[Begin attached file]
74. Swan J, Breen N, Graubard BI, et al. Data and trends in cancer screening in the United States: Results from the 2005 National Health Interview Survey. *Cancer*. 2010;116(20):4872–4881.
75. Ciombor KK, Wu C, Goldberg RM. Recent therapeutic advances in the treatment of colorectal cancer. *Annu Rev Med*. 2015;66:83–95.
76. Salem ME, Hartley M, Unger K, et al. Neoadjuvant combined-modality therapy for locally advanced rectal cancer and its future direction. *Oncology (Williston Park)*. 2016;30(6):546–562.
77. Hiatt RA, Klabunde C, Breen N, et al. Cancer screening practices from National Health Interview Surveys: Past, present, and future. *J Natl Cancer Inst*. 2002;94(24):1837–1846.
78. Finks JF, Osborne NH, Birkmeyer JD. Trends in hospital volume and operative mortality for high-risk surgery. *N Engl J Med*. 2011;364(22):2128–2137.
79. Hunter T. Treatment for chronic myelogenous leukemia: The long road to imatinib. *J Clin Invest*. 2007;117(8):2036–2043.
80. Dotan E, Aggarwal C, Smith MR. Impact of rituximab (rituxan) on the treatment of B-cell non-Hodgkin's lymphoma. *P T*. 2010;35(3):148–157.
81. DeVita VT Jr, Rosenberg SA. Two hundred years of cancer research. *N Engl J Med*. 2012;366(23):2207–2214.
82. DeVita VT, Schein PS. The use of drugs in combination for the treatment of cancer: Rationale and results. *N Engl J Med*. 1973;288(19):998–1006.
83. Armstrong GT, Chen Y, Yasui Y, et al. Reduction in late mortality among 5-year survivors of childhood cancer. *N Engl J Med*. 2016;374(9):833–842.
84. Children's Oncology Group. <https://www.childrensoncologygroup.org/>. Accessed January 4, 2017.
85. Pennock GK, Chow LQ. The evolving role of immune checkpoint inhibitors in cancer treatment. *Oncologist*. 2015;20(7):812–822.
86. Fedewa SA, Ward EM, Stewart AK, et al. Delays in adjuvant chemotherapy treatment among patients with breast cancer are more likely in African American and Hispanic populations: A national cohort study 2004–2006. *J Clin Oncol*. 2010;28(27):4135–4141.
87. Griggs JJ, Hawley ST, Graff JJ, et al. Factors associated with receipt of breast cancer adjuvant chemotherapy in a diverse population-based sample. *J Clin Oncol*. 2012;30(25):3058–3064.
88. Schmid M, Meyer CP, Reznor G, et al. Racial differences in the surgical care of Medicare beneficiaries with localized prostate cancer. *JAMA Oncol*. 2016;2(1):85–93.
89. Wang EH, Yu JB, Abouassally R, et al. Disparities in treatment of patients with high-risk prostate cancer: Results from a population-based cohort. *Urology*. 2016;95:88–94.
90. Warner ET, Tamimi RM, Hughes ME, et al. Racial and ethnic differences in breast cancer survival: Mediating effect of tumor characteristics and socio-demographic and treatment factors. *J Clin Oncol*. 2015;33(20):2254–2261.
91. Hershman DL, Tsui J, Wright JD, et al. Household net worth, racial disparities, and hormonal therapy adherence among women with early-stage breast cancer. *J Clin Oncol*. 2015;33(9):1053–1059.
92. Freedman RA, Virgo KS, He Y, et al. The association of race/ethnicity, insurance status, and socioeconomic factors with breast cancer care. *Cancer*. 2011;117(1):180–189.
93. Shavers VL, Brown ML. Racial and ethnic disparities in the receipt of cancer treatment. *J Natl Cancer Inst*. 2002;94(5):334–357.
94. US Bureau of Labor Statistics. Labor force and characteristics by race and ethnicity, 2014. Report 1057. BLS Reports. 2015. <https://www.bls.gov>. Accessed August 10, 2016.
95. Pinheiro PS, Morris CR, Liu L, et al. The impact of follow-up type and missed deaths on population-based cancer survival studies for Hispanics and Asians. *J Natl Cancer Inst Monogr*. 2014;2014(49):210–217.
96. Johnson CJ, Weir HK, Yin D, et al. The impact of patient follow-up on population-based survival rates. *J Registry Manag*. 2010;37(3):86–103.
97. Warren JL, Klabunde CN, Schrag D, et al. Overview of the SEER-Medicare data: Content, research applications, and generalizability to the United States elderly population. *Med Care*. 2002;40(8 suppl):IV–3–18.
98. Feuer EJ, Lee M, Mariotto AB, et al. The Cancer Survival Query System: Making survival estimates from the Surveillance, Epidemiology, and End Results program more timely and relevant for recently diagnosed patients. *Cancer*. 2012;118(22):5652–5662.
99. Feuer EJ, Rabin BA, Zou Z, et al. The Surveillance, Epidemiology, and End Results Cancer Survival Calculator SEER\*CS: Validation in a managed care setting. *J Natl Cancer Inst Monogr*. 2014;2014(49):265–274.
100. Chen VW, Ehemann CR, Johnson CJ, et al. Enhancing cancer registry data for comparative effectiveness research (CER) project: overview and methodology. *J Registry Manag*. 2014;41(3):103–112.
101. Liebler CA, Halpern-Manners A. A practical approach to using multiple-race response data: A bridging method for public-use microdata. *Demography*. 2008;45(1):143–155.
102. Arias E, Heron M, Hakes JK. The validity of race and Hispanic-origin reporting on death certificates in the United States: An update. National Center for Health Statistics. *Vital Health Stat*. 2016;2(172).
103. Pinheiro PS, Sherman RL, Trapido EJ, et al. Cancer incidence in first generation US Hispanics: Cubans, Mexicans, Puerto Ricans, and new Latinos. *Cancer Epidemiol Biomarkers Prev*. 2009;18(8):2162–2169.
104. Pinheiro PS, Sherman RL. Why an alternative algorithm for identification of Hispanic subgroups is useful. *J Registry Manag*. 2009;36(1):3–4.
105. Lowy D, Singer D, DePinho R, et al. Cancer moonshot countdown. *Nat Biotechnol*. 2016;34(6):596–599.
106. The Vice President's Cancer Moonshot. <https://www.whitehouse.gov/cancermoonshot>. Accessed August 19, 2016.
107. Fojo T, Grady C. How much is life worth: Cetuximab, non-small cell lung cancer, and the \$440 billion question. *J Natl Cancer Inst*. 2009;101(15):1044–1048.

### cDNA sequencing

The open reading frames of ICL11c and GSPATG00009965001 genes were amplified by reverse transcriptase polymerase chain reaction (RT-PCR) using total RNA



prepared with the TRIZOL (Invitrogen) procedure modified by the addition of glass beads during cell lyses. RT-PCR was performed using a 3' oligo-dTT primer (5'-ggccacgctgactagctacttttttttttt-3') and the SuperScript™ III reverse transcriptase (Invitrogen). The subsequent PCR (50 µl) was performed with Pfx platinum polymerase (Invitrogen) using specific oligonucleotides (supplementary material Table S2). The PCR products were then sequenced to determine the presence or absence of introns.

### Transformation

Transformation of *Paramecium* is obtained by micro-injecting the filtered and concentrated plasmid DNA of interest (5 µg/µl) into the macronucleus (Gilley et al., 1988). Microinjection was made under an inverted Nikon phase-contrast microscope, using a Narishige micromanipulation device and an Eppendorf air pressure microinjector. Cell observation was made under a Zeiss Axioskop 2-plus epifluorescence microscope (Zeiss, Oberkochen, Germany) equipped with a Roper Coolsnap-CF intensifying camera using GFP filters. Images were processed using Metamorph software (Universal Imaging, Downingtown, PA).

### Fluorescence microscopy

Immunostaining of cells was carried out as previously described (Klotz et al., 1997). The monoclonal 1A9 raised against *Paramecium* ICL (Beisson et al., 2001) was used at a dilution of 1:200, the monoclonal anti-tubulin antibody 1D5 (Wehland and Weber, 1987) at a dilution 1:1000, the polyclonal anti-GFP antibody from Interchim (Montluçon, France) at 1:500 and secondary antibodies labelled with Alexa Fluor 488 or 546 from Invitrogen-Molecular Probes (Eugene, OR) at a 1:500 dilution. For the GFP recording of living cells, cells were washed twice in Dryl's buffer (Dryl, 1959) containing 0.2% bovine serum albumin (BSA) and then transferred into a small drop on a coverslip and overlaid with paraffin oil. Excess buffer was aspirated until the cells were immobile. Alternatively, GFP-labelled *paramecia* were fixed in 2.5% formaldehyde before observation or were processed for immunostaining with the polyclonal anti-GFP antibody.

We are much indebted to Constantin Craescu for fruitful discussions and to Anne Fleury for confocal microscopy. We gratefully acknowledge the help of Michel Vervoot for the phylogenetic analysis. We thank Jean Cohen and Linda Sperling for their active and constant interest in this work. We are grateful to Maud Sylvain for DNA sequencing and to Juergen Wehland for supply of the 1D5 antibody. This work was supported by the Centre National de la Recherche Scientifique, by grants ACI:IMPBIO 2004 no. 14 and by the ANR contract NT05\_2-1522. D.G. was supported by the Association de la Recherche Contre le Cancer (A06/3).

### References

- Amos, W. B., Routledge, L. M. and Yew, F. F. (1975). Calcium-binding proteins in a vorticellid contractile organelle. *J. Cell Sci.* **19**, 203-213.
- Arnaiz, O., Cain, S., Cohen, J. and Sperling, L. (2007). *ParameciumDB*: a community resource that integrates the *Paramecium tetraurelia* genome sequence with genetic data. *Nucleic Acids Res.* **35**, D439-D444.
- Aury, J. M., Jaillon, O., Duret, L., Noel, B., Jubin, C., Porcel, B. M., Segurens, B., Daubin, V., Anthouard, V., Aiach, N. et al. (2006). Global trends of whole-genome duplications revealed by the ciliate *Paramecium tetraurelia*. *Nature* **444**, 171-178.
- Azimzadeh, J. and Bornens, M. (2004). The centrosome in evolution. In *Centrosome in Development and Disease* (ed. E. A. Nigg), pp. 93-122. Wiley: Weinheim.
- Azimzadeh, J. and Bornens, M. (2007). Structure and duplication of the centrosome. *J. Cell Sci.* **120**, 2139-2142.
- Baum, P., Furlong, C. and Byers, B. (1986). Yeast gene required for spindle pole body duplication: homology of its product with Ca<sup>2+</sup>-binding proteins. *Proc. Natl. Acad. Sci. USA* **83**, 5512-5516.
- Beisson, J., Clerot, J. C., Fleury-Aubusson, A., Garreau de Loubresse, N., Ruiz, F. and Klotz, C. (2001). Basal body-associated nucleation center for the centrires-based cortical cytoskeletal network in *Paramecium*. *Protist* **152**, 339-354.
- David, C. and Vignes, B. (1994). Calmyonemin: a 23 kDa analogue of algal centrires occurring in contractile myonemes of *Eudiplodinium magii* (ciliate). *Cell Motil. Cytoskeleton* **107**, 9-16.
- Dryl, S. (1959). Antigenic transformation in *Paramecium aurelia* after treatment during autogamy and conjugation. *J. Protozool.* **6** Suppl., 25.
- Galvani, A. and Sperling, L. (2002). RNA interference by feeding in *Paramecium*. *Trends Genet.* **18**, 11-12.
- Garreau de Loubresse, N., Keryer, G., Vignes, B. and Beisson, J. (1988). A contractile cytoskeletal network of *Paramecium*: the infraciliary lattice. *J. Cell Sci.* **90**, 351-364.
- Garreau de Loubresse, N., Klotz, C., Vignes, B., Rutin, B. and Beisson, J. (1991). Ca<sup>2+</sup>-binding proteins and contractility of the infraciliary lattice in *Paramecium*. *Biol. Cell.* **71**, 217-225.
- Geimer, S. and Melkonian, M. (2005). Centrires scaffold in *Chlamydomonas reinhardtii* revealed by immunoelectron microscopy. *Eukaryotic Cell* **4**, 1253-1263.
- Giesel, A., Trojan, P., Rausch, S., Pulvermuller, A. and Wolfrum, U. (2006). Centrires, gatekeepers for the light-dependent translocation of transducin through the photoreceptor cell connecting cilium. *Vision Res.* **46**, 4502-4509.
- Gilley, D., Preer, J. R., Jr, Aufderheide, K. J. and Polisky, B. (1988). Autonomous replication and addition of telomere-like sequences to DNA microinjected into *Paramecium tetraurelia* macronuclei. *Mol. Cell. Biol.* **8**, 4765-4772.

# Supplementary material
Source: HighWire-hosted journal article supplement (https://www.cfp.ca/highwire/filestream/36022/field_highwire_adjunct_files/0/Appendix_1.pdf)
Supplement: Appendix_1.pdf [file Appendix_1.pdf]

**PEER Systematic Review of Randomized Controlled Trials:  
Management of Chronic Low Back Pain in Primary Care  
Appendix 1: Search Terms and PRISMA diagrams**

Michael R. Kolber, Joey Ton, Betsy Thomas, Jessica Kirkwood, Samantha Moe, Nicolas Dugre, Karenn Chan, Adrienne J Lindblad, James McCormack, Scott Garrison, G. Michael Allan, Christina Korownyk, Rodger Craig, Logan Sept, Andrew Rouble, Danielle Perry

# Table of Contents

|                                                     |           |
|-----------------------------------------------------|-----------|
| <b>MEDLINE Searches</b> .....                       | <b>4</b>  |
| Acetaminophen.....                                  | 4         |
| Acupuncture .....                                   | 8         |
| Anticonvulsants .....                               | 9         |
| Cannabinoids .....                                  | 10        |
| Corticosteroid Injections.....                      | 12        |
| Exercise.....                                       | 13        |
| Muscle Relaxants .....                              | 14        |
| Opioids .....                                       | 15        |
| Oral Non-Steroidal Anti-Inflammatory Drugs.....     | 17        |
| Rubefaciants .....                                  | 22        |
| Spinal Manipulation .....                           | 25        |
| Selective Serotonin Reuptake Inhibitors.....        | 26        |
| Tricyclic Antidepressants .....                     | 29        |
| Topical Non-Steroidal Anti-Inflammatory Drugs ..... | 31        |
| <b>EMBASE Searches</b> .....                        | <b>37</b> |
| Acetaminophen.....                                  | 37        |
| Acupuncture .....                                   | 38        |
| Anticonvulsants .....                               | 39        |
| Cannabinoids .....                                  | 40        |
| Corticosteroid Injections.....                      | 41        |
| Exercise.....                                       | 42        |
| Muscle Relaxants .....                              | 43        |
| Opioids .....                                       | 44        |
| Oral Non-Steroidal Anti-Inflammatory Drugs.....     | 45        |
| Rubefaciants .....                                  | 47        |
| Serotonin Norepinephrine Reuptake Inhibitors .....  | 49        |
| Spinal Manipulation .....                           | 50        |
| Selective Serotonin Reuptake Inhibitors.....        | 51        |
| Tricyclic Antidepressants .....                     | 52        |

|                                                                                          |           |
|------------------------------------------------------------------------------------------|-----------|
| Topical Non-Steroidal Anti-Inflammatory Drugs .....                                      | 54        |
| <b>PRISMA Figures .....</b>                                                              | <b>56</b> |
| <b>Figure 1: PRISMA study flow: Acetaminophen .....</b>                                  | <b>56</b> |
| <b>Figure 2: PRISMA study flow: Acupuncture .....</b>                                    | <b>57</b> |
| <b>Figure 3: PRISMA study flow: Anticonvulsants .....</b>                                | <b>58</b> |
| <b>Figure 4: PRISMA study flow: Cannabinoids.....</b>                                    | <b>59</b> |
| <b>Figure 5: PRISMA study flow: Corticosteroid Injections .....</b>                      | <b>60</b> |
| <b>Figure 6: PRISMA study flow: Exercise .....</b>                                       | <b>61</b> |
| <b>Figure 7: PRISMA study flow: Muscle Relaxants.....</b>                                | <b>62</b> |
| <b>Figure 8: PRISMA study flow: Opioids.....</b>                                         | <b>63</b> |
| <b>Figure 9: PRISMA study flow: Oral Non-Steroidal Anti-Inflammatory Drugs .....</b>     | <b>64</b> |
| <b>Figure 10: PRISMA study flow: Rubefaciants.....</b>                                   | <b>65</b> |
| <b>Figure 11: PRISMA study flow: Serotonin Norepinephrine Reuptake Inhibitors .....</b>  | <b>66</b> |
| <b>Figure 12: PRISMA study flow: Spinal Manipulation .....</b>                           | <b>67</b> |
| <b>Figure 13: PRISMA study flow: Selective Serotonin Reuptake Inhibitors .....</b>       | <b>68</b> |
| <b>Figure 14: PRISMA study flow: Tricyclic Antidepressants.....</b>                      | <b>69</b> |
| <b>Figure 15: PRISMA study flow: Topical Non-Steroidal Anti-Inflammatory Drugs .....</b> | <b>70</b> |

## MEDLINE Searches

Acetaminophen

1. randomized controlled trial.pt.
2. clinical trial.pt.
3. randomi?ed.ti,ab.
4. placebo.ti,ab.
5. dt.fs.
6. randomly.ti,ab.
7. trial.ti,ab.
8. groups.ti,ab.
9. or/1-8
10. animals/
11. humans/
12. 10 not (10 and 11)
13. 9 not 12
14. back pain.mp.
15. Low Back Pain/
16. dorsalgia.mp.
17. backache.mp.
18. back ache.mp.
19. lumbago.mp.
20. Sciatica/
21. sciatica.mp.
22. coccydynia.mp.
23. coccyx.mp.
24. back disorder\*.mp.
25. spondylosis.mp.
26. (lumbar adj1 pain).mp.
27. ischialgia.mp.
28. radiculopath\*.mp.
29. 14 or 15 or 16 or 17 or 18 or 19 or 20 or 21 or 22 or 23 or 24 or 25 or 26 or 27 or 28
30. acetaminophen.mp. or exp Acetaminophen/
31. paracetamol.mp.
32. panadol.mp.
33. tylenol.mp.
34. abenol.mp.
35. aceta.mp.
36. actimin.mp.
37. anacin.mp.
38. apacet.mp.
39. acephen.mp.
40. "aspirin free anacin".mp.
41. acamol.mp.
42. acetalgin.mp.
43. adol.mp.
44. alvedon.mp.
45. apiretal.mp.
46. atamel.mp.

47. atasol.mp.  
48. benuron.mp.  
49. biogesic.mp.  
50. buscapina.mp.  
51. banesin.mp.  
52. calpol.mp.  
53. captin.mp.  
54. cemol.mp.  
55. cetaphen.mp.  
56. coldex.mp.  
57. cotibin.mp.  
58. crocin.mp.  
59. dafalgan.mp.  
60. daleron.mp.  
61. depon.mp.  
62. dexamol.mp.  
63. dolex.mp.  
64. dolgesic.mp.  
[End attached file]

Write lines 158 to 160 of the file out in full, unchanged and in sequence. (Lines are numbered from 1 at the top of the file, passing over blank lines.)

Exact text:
39. acephen.mp.
40. "aspirin free anacin".mp.
41. acamol.mp.